Employee Engagement or Corporate Brainwashing?

November 11, 2013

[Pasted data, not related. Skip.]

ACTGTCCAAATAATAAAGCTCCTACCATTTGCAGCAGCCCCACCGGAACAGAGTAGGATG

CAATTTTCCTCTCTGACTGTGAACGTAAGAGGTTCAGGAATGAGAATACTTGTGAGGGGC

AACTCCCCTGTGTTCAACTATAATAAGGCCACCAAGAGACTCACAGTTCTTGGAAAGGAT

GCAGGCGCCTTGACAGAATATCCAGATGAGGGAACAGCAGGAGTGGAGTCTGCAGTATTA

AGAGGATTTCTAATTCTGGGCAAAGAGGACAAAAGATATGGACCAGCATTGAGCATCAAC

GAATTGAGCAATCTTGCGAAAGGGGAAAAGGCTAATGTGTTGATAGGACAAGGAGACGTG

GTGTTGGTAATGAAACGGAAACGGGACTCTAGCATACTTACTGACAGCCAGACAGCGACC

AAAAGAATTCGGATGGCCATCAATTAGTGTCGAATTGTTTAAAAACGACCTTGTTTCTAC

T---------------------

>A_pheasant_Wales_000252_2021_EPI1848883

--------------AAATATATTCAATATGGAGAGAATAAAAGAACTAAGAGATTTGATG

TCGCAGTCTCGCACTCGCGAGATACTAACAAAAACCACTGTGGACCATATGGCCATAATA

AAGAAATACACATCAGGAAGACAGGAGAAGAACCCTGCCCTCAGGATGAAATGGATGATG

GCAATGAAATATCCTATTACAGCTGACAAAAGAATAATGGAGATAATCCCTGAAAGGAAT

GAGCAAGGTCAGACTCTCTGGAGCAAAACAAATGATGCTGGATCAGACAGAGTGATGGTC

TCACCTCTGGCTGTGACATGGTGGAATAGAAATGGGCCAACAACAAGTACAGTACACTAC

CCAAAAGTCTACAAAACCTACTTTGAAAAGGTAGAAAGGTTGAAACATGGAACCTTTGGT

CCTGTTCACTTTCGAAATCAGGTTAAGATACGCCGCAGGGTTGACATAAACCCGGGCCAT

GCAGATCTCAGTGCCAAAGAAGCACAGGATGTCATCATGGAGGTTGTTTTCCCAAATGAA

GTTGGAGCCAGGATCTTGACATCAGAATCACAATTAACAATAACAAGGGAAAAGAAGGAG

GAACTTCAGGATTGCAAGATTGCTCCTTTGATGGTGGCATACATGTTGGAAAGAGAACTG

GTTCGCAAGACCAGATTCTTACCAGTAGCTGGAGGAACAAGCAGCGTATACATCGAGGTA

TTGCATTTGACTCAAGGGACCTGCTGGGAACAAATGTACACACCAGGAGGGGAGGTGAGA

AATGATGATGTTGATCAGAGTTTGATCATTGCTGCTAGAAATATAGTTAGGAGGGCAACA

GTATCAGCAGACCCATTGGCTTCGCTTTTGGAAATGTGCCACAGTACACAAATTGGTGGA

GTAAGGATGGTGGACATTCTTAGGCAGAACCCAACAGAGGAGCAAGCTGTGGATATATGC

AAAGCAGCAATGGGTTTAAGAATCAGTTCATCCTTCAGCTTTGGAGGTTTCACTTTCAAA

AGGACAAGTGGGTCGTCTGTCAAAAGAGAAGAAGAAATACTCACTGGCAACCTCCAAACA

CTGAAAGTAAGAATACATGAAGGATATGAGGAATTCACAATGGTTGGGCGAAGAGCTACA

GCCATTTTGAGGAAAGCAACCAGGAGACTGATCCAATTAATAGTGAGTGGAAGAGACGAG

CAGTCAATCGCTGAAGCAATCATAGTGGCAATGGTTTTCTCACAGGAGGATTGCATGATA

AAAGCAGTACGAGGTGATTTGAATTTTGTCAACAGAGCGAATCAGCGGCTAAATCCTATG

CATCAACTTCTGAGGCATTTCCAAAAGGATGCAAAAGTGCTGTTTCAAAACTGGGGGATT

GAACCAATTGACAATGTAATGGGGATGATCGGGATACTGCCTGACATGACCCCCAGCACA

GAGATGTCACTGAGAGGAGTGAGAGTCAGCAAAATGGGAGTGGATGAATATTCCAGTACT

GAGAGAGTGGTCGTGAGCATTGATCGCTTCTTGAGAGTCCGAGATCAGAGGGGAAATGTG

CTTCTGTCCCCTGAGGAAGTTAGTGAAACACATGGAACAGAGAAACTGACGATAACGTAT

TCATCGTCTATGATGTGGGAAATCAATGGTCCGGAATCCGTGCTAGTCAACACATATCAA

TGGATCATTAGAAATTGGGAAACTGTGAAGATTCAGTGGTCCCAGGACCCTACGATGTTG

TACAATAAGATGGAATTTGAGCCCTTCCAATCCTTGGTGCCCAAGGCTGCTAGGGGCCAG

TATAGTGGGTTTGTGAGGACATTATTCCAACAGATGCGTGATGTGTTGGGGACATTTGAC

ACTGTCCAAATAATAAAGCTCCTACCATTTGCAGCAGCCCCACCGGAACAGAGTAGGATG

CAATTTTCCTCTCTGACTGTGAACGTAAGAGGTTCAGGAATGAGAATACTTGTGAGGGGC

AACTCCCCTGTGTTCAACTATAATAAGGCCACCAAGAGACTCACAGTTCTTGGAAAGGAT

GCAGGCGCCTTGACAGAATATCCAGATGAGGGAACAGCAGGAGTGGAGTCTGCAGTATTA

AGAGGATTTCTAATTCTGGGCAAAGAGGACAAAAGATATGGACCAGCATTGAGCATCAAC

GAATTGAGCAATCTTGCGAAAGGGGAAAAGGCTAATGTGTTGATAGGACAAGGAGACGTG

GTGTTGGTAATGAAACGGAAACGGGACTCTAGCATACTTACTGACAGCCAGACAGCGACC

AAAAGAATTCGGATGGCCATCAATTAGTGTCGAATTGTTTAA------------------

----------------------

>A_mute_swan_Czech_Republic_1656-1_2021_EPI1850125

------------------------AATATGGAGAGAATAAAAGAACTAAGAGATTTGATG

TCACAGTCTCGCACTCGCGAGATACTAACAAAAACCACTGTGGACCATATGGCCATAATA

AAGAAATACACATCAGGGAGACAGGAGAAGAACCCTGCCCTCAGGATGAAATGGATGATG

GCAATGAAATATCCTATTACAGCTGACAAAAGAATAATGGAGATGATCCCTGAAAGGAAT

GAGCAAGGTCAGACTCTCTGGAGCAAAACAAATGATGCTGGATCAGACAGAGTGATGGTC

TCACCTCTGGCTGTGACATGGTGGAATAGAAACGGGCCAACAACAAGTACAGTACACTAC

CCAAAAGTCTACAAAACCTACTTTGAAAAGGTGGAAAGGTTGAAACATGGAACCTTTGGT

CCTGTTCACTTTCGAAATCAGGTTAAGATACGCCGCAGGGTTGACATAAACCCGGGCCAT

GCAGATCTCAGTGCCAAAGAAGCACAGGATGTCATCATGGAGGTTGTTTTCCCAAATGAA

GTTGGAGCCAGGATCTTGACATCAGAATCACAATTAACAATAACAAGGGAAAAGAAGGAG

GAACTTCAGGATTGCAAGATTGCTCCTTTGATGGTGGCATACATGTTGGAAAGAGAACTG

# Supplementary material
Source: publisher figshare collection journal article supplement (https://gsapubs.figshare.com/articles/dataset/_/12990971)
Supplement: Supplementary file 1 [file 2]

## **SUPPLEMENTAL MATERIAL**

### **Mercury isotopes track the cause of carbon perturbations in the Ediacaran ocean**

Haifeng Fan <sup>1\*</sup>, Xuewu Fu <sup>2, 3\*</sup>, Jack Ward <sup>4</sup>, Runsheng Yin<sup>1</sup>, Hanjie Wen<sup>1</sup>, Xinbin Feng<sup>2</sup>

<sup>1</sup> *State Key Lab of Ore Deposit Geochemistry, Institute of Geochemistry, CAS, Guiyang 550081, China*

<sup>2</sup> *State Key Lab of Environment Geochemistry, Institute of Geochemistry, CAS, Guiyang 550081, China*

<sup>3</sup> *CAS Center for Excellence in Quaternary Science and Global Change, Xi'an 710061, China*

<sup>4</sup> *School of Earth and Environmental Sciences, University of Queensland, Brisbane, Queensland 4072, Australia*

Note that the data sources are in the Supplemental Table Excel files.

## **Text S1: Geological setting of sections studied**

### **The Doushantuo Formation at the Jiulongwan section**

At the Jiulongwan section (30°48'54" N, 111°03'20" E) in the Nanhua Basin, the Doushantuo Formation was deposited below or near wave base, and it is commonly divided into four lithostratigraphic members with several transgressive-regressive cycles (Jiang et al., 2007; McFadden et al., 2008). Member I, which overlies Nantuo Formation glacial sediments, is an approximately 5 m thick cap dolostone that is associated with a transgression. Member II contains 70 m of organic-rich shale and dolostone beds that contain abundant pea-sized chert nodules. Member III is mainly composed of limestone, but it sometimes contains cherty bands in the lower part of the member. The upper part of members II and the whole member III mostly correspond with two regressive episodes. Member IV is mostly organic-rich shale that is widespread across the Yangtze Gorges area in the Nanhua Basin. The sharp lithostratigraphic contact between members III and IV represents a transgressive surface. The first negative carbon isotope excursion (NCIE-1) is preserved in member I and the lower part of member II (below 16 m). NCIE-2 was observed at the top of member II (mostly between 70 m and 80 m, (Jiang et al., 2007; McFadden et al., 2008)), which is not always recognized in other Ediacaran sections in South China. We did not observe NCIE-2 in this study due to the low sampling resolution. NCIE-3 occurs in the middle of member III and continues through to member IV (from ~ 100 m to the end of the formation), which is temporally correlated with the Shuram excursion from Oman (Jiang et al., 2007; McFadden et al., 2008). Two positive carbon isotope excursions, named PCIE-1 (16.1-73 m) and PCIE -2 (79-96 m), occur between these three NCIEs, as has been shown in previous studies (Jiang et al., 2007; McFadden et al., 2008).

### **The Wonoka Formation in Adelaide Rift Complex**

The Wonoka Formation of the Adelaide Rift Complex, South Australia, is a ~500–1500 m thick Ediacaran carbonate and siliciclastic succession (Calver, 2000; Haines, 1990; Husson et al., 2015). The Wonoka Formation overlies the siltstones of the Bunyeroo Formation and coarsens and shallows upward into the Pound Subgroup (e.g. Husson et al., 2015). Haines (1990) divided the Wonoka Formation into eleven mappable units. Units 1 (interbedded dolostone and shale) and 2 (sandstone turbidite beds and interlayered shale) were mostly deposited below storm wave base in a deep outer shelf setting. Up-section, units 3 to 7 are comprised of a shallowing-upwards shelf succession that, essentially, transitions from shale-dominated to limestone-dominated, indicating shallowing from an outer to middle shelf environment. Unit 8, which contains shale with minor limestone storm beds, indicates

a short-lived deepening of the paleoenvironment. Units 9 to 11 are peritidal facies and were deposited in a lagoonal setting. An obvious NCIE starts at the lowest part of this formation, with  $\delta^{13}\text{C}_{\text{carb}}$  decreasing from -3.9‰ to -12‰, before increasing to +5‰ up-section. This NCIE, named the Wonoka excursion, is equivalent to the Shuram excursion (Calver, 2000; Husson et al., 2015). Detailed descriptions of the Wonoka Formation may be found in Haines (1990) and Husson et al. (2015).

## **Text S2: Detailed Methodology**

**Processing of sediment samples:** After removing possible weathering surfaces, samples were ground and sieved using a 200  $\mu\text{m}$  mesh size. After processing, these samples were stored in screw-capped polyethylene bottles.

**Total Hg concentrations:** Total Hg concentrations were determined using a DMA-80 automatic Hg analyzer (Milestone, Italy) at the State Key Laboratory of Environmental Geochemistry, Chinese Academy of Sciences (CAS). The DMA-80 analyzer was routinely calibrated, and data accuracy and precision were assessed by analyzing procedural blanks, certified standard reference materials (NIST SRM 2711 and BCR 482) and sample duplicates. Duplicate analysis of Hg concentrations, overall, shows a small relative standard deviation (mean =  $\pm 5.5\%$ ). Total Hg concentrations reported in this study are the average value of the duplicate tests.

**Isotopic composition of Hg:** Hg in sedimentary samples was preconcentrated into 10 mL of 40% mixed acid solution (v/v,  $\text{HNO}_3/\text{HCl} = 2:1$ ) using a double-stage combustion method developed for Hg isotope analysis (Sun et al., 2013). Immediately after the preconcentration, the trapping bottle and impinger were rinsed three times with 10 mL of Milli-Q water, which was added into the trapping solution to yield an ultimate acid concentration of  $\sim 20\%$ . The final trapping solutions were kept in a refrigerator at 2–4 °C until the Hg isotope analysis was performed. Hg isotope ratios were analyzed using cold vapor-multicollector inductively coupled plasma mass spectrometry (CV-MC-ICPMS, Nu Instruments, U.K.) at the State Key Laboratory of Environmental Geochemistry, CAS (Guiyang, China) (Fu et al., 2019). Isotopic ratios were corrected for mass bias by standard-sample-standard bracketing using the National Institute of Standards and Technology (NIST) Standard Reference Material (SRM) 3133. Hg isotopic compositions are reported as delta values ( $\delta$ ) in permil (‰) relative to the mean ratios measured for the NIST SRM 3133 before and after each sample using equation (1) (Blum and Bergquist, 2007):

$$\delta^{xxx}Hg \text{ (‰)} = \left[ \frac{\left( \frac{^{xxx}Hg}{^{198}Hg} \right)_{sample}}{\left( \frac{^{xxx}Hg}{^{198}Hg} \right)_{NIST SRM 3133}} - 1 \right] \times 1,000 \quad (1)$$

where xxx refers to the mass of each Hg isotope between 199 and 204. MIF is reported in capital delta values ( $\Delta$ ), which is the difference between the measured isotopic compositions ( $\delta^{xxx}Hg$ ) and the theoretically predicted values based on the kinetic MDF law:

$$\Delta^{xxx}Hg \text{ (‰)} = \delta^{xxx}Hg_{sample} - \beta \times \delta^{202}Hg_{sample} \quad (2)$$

Last month Dave Eggers published his latest novel, The Circle. I immediately geeked out when I saw it – Eggers is not only the author of one of my most favorite books, What is the What, he’s also the founder of 826 Valencia, a fantastic San Francisco non-profit that encourages literacy skills in kids. Brilliant Ink supported the organization financially when we were still located in San Francisco, and I was even able to meet Eggers at their annual fundraising luncheon – see photographic evidence below! Liz and Dave Eggers edited The Circle is a fictitious organization that resembles some kind of Google/Facebook/Twitter mashup. The book reminds me of George Orwell’s 1984, and reads as a cautionary tale about the dangers of technology and our obsession with social media. It will make you rethink your daily Facebook habit, but as an employee engagement professional, I found another subtext that was both interesting and creepy. The book’s lead character, Mae, works at the Circle and is encouraged to share virtually every thought she has via the company’s internal social media platform. She’s pressured to boost her “PartiRank,” her social media popularity score among employees, which is visible to the whole organization. She’s encouraged to attend a myriad of social events happening on campus, and she receives a lecture from the HR team when she doesn’t show up at enough of them. The campus itself is pristine, and includes every amenity you could want. Too tired to drive home? No problem – there’s a comfortable, modern dormitory with rooms available to employees. Eventually Mae’s spending so much time at work that she decides it’s easier to just move in. Championing a comfortable work environment, providing opportunities for employees to socialize and celebrate success, and introducing social platforms to facilitate information-sharing all falls squarely in the domain of employee engagement. So where’s the line between engagement and corporate brainwashing? For the record, I am incredibly passionate about employee engagement. It’s about more than parties and making people happy – it’s about helping people find meaning in their work.  There’s a large body of research that suggests employee engagement efforts are good for employees and good for business. Companies with engaged employees have better retention rates and higher profits than those without engaged employees, and employees who are engaged with their jobs and their work, not surprisingly, tend to stay there longer. The line gets crossed when engagement becomes coercion. Requiring people to use social platforms to indicate loyalty is coercion. Pressure to attend social events is coercion. Providing corporate-sponsored housing can be viewed as supporting employees AND as coercion to work longer hours. Some of this is purely fiction, but some of it isn’t too far from reality in certain work cultures. At their core, employee engagement efforts should start with respect for the individuals that power your company. They should help employees find meaning in their work, and they should encourage personal growth and development. If we can accomplish this, loyalty and performance will follow.

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